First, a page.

A shmaltzy Saturday night

A shmaltzy Saturday night

Something fishy is happening at Congregation Netivot Shalom on Saturday night: The 2011 Bergen County Herring Festival.

The Modern Orthodox Teaneck synagogue is hosting its second celebration for connoisseurs of the herring, an oily fish that makes its homes in shallow, temperate ocean waters, and on the table of Shabbat morning kiddush collations.

“On a typical Shabbes, you might have just one or two types of herring out,” says Jonathan Shore, one of the event’s organizers. The Herring Festival offers much more.

The event grew out of the typical Shabbat kiddush, which Shore helps set up each week (a chore he follows up with “a quick l’chaim.”)

“I work on the Lower East Side. I started bringing in different herrings because I like herring,” he says. Then one of his kiddush colleagues printed out a New Yorker article about an upscale herring tasting event held by the Lower East Side appetizing icon Russ and Daughters that was being held in a Manhattan penthouse.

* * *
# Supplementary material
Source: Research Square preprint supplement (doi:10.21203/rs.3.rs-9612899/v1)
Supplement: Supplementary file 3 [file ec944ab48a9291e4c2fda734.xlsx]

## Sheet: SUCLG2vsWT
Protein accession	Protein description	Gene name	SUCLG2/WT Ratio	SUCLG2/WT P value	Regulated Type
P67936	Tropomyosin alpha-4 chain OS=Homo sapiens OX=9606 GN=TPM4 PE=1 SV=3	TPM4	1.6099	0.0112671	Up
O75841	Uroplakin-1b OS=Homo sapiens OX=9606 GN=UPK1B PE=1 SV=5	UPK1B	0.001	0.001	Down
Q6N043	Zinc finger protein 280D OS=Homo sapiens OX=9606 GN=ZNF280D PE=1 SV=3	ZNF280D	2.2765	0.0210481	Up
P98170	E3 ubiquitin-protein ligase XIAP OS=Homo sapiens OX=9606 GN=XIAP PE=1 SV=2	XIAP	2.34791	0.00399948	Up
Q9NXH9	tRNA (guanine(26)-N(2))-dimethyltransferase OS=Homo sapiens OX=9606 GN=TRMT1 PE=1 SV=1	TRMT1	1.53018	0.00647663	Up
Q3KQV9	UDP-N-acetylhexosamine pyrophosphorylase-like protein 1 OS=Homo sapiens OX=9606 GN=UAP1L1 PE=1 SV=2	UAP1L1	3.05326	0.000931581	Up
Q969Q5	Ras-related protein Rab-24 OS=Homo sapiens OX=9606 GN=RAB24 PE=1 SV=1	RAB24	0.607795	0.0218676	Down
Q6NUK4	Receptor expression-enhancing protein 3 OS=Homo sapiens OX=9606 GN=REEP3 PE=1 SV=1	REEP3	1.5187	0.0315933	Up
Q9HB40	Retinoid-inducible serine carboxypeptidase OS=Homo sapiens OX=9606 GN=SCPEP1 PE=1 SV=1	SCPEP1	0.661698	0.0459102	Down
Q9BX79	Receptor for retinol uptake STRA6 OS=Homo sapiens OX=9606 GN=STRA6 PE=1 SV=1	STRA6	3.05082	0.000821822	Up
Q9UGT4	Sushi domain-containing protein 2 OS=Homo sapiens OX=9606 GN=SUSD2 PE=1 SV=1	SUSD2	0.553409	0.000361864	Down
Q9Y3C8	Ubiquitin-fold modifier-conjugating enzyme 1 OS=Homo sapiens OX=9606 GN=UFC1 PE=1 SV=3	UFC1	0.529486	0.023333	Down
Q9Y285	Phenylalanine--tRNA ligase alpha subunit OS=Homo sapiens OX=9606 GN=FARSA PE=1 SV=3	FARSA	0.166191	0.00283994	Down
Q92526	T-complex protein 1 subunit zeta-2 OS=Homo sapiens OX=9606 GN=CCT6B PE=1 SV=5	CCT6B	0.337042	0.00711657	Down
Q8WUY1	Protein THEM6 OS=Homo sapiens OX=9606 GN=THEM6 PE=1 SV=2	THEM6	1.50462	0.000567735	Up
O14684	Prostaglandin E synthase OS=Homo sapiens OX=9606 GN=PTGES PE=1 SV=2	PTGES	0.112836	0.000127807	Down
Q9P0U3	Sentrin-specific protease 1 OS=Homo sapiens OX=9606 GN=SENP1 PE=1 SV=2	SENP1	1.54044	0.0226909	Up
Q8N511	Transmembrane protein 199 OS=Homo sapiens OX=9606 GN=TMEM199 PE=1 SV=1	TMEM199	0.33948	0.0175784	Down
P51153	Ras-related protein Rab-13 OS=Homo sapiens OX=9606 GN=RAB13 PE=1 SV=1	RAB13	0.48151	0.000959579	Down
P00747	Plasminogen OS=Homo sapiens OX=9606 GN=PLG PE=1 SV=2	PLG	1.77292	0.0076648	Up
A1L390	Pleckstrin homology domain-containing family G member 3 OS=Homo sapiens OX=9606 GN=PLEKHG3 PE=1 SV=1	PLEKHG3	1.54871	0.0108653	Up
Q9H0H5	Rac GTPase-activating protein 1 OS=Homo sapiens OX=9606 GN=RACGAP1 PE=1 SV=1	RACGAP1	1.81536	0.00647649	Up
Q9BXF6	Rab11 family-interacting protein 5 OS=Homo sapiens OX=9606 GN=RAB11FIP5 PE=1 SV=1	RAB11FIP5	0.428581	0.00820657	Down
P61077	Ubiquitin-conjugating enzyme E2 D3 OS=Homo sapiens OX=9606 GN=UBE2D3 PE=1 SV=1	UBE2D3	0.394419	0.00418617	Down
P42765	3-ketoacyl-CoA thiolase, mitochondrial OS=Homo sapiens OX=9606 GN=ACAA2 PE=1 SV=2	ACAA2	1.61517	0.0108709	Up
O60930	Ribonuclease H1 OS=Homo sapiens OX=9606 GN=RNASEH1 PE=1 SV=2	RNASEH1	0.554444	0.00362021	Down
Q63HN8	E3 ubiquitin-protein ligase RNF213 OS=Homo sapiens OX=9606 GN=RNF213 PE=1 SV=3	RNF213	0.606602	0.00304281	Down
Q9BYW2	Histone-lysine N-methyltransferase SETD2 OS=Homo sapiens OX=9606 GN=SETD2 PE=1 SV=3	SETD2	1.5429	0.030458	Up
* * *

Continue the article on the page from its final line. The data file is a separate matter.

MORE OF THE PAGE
The rest was history, and two years ago the first Bergen County Herring Festival attracted a hundred people.

“This is nothing like what you would see at a kiddush. This is for hard core people who want to experience herring the way it was meant to be served. Or even for the curious,” he says.

Herring varieties will include matjes, schmaltz, honey mustard, spicy matjes, and sweet-and-sour. “You get a better chance to taste the differentiation between the different herrings,” says Shore of the festival experience. “If you’re a little bit of the foodie, you’ll appreciate the differences.”

Among the three vendors is Teaneck’s Ma’adan, whose Stuart Kahn came to the first festival and was inspired to start offering a broader selection of herring, says Shore.

Shore’s favorite: “Spicy matjes, which is almost like getting a Romanian pastrami type of herring. It has a little bit of zing, and is complemented perfectly by a shot of your favorite alcohol,” he said.

Strict traditionalists will want to stick to the Polish and Russian vodkas, but fine Scotch will be available, too.

The 2011 Bergen County Herring Festival begins at 8:30 p.m. Saturday night at Congregation Netivot Shalom in Teaneck. Admission is $55. Ten percent of all profits will be donated to the Teaneck mikvah.

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